An adult dwarf sperm whale (Kogia sima) off the island of Hawai‘i. Note the blunt head and large dorsal fin.
Dwarf sperm whales and pygmy sperm whales (Kogia breviceps) are the only two members of the Family Kogiidae, and both species are found in Hawaiian waters. These two species are closely related, and in fact weren’t recognized as separate species until 1966. Both species are found in deep waters, and are infamous for being difficult to study both due to their preferred depths, long dives, low profile in the water, and frequent changes in direction. While most knowledge of these species comes from stranded individuals, our work represents the most extensive study of this species in the world, and includes the only long-term photo-ID catalog of dwarf sperm whales. In our work we’ve encountered dwarf sperm whales 97 times between 2002 and late-2021, while we’ve seen pygmy sperm whales on only eight occasions. However, pygmy sperm whales strand much more frequently than dwarf sperm whales in Hawai‘i.
To learn more about dwarf and pygmy sperm whales, you can click on one of the quick links below:
It is often reported that the two species are difficult to tell apart in the field, but there are a number of characteristics that allow us to discriminate the two species. Click on the image below to download a PDF copy of the information sheet with details on how to distinguish between the two species.
The small, island-associated Hawai‘i population of dwarf sperm whales is the most well-described worldwide. While we have yet to be able to deploy a satellite tag or collet any biopsy samples of this species, we have built a long-term photo identification catalog consisting of 182 individuals, including several long-term resightings, and have collected a dozen aerial videos of behavior. Group sizes of dwarf sperm whales are typically small, ranging from 1 to 8 individuals (our most frequently encountered group size are single individuals).
Dwarf sperm whale off Kona. Both species also have a reputation for being difficult to approach, although we have found that, while they are difficult to keep track of, this is due to their long dive times, undemonstrative surfacing behavior (most of the time they float motionless at the surface between dives), and their generally unpredictable travel patterns, rather than active avoidance of small boats.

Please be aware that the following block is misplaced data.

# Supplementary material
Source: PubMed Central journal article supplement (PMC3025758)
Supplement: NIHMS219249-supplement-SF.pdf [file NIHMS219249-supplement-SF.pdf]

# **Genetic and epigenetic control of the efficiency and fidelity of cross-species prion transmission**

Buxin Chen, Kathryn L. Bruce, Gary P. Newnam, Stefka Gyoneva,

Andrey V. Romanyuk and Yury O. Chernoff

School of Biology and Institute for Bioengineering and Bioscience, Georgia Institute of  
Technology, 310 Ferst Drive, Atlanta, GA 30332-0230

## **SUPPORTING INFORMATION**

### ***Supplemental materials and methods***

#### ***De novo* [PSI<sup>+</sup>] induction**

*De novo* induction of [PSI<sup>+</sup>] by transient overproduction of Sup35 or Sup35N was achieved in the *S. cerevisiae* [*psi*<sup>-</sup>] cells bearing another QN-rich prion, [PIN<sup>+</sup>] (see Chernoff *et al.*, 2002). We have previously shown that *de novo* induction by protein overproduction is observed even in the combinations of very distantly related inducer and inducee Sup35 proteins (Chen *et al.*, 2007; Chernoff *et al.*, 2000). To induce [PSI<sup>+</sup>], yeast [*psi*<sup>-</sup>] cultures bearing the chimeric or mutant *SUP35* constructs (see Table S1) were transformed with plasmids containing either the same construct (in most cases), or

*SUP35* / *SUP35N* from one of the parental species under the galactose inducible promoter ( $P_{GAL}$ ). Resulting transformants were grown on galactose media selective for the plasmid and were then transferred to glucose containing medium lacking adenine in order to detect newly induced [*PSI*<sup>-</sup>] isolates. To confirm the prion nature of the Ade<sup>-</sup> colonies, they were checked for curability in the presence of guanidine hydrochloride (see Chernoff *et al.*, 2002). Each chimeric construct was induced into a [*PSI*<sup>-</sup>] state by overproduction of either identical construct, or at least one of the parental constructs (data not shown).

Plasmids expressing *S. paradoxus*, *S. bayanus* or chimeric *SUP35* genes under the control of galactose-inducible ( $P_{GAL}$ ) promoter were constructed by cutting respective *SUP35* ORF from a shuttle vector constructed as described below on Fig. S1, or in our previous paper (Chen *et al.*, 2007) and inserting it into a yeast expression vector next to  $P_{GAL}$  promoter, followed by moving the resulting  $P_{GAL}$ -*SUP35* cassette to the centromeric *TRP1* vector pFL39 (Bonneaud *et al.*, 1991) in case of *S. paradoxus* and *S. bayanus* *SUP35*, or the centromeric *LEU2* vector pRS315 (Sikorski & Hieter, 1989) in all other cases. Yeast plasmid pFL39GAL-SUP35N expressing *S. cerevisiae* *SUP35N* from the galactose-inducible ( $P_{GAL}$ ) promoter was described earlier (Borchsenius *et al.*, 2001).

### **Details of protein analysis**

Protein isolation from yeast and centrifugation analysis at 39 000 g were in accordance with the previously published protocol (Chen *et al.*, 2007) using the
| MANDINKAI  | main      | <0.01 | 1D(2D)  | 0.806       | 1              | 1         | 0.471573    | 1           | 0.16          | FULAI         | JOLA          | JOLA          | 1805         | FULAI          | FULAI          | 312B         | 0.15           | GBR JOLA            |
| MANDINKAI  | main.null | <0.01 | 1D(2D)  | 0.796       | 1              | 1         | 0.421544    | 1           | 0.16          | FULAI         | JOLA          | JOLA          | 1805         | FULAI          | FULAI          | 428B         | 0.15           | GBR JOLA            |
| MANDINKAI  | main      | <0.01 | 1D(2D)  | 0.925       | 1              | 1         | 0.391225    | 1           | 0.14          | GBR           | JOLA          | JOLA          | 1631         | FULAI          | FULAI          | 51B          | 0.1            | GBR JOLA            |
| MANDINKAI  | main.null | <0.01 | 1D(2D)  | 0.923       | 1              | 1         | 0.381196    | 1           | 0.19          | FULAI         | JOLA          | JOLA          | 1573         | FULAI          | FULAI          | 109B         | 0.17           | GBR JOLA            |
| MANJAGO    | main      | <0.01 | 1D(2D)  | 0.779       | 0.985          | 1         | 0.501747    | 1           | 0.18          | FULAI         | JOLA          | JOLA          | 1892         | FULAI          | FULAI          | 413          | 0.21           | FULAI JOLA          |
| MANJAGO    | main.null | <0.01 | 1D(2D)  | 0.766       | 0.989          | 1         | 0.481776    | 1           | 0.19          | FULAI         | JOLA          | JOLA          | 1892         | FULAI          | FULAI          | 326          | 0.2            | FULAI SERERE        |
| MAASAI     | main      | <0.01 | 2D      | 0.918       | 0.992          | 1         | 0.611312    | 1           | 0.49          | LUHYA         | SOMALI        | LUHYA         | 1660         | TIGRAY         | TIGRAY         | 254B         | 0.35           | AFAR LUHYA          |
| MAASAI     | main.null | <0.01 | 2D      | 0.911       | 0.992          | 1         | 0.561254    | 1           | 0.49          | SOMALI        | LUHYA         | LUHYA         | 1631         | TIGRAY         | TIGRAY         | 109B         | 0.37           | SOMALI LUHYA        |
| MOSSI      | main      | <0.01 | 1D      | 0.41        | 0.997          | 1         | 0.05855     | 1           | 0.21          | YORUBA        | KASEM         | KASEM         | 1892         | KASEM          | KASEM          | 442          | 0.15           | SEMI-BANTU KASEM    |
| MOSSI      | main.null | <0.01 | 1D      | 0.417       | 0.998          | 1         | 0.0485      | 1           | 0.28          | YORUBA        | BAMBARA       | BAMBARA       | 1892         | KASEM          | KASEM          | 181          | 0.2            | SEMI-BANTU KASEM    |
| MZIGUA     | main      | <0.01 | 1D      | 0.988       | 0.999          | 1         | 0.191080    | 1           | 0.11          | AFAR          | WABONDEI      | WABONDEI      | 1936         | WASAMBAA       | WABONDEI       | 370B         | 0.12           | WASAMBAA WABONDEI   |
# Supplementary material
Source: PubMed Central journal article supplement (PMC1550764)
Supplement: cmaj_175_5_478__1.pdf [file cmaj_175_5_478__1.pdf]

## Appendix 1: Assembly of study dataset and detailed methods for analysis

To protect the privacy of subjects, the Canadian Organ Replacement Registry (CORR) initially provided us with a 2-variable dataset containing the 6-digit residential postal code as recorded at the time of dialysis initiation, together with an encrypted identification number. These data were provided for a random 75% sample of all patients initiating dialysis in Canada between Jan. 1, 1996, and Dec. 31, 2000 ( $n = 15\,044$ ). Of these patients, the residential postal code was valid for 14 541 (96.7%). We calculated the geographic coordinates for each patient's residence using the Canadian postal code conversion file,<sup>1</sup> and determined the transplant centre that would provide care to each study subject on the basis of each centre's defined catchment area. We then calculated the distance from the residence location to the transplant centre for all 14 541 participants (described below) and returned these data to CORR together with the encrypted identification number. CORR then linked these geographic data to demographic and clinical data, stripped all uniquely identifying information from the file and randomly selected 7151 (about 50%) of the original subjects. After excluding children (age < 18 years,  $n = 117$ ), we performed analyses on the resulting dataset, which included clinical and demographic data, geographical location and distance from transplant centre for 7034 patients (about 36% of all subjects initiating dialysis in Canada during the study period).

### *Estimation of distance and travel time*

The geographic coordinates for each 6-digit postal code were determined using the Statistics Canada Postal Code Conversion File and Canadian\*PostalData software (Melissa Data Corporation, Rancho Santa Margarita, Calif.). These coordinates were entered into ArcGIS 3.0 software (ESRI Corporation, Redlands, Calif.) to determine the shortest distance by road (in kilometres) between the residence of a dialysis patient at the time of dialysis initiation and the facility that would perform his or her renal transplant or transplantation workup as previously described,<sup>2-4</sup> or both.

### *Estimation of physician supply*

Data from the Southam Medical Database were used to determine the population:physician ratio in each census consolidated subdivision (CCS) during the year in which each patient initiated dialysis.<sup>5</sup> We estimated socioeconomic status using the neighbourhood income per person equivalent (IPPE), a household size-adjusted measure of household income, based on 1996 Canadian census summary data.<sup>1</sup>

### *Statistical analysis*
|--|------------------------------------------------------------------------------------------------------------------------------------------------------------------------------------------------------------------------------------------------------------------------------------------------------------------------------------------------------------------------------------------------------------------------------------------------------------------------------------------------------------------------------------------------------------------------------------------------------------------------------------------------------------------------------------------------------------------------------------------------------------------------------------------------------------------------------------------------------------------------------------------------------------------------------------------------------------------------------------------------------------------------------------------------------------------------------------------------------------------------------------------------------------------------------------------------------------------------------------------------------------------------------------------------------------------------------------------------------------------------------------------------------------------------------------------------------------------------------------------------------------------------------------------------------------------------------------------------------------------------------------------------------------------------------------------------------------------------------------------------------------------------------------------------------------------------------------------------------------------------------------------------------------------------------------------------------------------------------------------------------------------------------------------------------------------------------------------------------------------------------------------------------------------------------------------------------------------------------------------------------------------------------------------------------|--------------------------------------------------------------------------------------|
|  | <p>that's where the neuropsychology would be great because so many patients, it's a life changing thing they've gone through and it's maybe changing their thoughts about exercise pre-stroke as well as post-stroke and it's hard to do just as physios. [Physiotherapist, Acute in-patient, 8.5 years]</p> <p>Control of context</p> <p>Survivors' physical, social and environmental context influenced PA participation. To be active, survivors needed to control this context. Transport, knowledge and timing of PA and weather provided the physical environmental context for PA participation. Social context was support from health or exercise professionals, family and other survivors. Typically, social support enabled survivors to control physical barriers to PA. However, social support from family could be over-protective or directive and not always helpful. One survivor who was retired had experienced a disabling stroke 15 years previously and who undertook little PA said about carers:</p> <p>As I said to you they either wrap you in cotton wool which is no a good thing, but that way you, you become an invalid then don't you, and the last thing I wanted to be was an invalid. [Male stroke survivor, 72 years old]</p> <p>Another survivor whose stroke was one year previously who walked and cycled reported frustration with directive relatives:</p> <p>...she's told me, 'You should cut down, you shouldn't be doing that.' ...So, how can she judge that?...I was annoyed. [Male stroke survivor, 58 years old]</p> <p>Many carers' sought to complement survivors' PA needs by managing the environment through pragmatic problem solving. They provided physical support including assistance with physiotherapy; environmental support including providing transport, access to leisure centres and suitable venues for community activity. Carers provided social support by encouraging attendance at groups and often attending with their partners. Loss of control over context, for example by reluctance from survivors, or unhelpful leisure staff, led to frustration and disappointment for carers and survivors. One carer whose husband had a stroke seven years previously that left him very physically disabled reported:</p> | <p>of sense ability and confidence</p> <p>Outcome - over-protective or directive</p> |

An aerial photo of three dwarf sperm whales off Kona in 2019. Recently, we’ve been able to use drones to gather aerial footage of dwarf sperm whale behavior. Utilizing drones in the field has increased our ability to stay with groups, as individuals tend to surface with different bearings compared to their overall direction of travel. We believe that this behavior is a response to risk of predation from large sharks. See this publication for more information about our use of drones in the field with this species!
Dwarf sperm whale mother and calf off Kona. Most adult individuals that we see tend to be very well marked, with large notches on the dorsal fin or very distinctive dorsal fins. Our photo-identification catalog of distinctive individual dwarf sperm whales includes almost 200 individuals. The adult in the photo above, HIKs020 in our catalog, has been seen 14 times over a 15-year span, strong evidence of site fidelity to the slope waters off Hawai‘i Island.
Dwarf sperm whale off Kona.
Another very distinctive dwarf sperm whale off Kona. We have also found that dwarf sperm whales, like their larger cousin the sperm whale, often shed skin even when just resting at the surface, and we have been able to collect several samples for genetic analyses just by looking in the “fluke prints” of whales after they dive.
Dwarf sperm whale with apparent line injury on dorsal fin.
The following two videos of dwarf sperm whales, taken from a drone, are part of supplementary materials for a paper we published on this species in 2021. The first shows drone video of a dwarf sperm whale with compass overlay to highlight surfacing and logging angle.
The video below shows social interactions observed between dwarf sperm whales.